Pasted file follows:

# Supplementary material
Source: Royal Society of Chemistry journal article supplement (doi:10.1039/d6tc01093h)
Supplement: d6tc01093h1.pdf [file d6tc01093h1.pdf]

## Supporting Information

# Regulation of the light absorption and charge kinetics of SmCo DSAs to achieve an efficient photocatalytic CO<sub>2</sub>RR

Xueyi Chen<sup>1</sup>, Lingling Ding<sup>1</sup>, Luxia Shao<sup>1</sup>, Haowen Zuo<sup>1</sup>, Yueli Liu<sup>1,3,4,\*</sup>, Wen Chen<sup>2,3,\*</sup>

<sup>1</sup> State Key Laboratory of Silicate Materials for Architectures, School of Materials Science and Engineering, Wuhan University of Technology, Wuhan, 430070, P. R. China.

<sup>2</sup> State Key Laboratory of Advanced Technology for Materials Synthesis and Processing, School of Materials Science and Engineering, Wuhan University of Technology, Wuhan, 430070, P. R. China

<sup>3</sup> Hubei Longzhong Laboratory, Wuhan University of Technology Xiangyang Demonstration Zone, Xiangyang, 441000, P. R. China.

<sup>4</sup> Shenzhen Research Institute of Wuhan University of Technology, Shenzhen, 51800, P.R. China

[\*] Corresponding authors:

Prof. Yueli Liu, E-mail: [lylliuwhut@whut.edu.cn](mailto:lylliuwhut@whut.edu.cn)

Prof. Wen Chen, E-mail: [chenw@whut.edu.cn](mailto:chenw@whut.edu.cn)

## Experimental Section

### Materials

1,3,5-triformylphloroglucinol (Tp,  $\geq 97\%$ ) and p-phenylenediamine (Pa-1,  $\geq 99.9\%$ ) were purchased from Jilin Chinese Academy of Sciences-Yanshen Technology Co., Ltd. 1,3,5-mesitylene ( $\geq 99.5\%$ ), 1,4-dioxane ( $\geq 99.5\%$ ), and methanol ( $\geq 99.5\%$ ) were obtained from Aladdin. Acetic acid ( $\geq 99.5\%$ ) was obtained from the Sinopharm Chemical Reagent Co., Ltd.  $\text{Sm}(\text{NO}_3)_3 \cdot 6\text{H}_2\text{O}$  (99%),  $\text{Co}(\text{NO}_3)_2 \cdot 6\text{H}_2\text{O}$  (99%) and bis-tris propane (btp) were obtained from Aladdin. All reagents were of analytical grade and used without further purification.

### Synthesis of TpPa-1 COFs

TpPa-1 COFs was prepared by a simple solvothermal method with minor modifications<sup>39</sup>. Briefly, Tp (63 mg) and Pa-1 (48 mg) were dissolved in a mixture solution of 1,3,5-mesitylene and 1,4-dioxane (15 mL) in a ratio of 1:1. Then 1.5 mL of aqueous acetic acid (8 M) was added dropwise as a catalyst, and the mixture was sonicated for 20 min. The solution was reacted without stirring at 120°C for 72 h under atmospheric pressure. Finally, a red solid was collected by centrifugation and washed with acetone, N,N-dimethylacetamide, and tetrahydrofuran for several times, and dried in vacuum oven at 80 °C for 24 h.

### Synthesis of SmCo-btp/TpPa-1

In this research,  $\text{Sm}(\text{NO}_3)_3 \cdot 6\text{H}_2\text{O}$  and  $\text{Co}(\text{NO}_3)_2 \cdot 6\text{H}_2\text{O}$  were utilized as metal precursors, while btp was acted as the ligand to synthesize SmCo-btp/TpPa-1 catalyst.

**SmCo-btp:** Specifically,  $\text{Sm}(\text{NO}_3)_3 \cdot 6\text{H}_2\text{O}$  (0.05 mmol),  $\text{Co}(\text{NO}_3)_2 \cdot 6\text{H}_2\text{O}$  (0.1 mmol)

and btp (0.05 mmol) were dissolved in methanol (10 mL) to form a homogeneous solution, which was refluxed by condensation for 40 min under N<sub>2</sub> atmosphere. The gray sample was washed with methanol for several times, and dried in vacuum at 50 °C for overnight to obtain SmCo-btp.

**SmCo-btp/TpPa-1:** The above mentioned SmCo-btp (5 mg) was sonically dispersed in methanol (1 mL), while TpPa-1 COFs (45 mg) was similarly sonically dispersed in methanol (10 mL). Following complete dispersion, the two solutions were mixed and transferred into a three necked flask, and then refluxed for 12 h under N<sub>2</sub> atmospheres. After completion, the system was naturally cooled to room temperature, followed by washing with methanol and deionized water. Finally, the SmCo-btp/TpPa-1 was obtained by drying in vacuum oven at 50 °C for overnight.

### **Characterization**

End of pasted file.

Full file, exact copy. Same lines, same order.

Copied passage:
# Supplementary material
Source: Royal Society of Chemistry journal article supplement (doi:10.1039/d6tc01093h)
Supplement: d6tc01093h1.pdf [file d6tc01093h1.pdf]

## Supporting Information

# Regulation of the light absorption and charge kinetics of SmCo DSAs to achieve an efficient photocatalytic CO<sub>2</sub>RR

Xueyi Chen<sup>1</sup>, Lingling Ding<sup>1</sup>, Luxia Shao<sup>1</sup>, Haowen Zuo<sup>1</sup>, Yueli Liu<sup>1,3,4,\*</sup>, Wen Chen<sup>2,3,\*</sup>

<sup>1</sup> State Key Laboratory of Silicate Materials for Architectures, School of Materials Science and Engineering, Wuhan University of Technology, Wuhan, 430070, P. R. China.

<sup>2</sup> State Key Laboratory of Advanced Technology for Materials Synthesis and Processing, School of Materials Science and Engineering, Wuhan University of Technology, Wuhan, 430070, P. R. China

<sup>3</sup> Hubei Longzhong Laboratory, Wuhan University of Technology Xiangyang Demonstration Zone, Xiangyang, 441000, P. R. China.

<sup>4</sup> Shenzhen Research Institute of Wuhan University of Technology, Shenzhen, 51800, P.R. China

[\*] Corresponding authors:

Prof. Yueli Liu, E-mail: [lylliuwhut@whut.edu.cn](mailto:lylliuwhut@whut.edu.cn)

Prof. Wen Chen, E-mail: [chenw@whut.edu.cn](mailto:chenw@whut.edu.cn)

## Experimental Section

### Materials

1,3,5-triformylphloroglucinol (Tp,  $\geq 97\%$ ) and p-phenylenediamine (Pa-1,  $\geq 99.9\%$ ) were purchased from Jilin Chinese Academy of Sciences-Yanshen Technology Co., Ltd. 1,3,5-mesitylene ( $\geq 99.5\%$ ), 1,4-dioxane ( $\geq 99.5\%$ ), and methanol ( $\geq 99.5\%$ ) were obtained from Aladdin. Acetic acid ( $\geq 99.5\%$ ) was obtained from the Sinopharm Chemical Reagent Co., Ltd.  $\text{Sm}(\text{NO}_3)_3 \cdot 6\text{H}_2\text{O}$  (99%),  $\text{Co}(\text{NO}_3)_2 \cdot 6\text{H}_2\text{O}$  (99%) and bis-tris propane (btp) were obtained from Aladdin. All reagents were of analytical grade and used without further purification.

### Synthesis of TpPa-1 COFs

TpPa-1 COFs was prepared by a simple solvothermal method with minor modifications<sup>39</sup>. Briefly, Tp (63 mg) and Pa-1 (48 mg) were dissolved in a mixture solution of 1,3,5-mesitylene and 1,4-dioxane (15 mL) in a ratio of 1:1. Then 1.5 mL of aqueous acetic acid (8 M) was added dropwise as a catalyst, and the mixture was sonicated for 20 min. The solution was reacted without stirring at 120°C for 72 h under atmospheric pressure. Finally, a red solid was collected by centrifugation and washed with acetone, N,N-dimethylacetamide, and tetrahydrofuran for several times, and dried in vacuum oven at 80 °C for 24 h.

### Synthesis of SmCo-btp/TpPa-1

In this research,  $\text{Sm}(\text{NO}_3)_3 \cdot 6\text{H}_2\text{O}$  and  $\text{Co}(\text{NO}_3)_2 \cdot 6\text{H}_2\text{O}$  were utilized as metal precursors, while btp was acted as the ligand to synthesize SmCo-btp/TpPa-1 catalyst.

**SmCo-btp:** Specifically,  $\text{Sm}(\text{NO}_3)_3 \cdot 6\text{H}_2\text{O}$  (0.05 mmol),  $\text{Co}(\text{NO}_3)_2 \cdot 6\text{H}_2\text{O}$  (0.1 mmol)

and btp (0.05 mmol) were dissolved in methanol (10 mL) to form a homogeneous solution, which was refluxed by condensation for 40 min under N<sub>2</sub> atmosphere. The gray sample was washed with methanol for several times, and dried in vacuum at 50 °C for overnight to obtain SmCo-btp.

**SmCo-btp/TpPa-1:** The above mentioned SmCo-btp (5 mg) was sonically dispersed in methanol (1 mL), while TpPa-1 COFs (45 mg) was similarly sonically dispersed in methanol (10 mL). Following complete dispersion, the two solutions were mixed and transferred into a three necked flask, and then refluxed for 12 h under N<sub>2</sub> atmospheres. After completion, the system was naturally cooled to room temperature, followed by washing with methanol and deionized water. Finally, the SmCo-btp/TpPa-1 was obtained by drying in vacuum oven at 50 °C for overnight.

### **Characterization**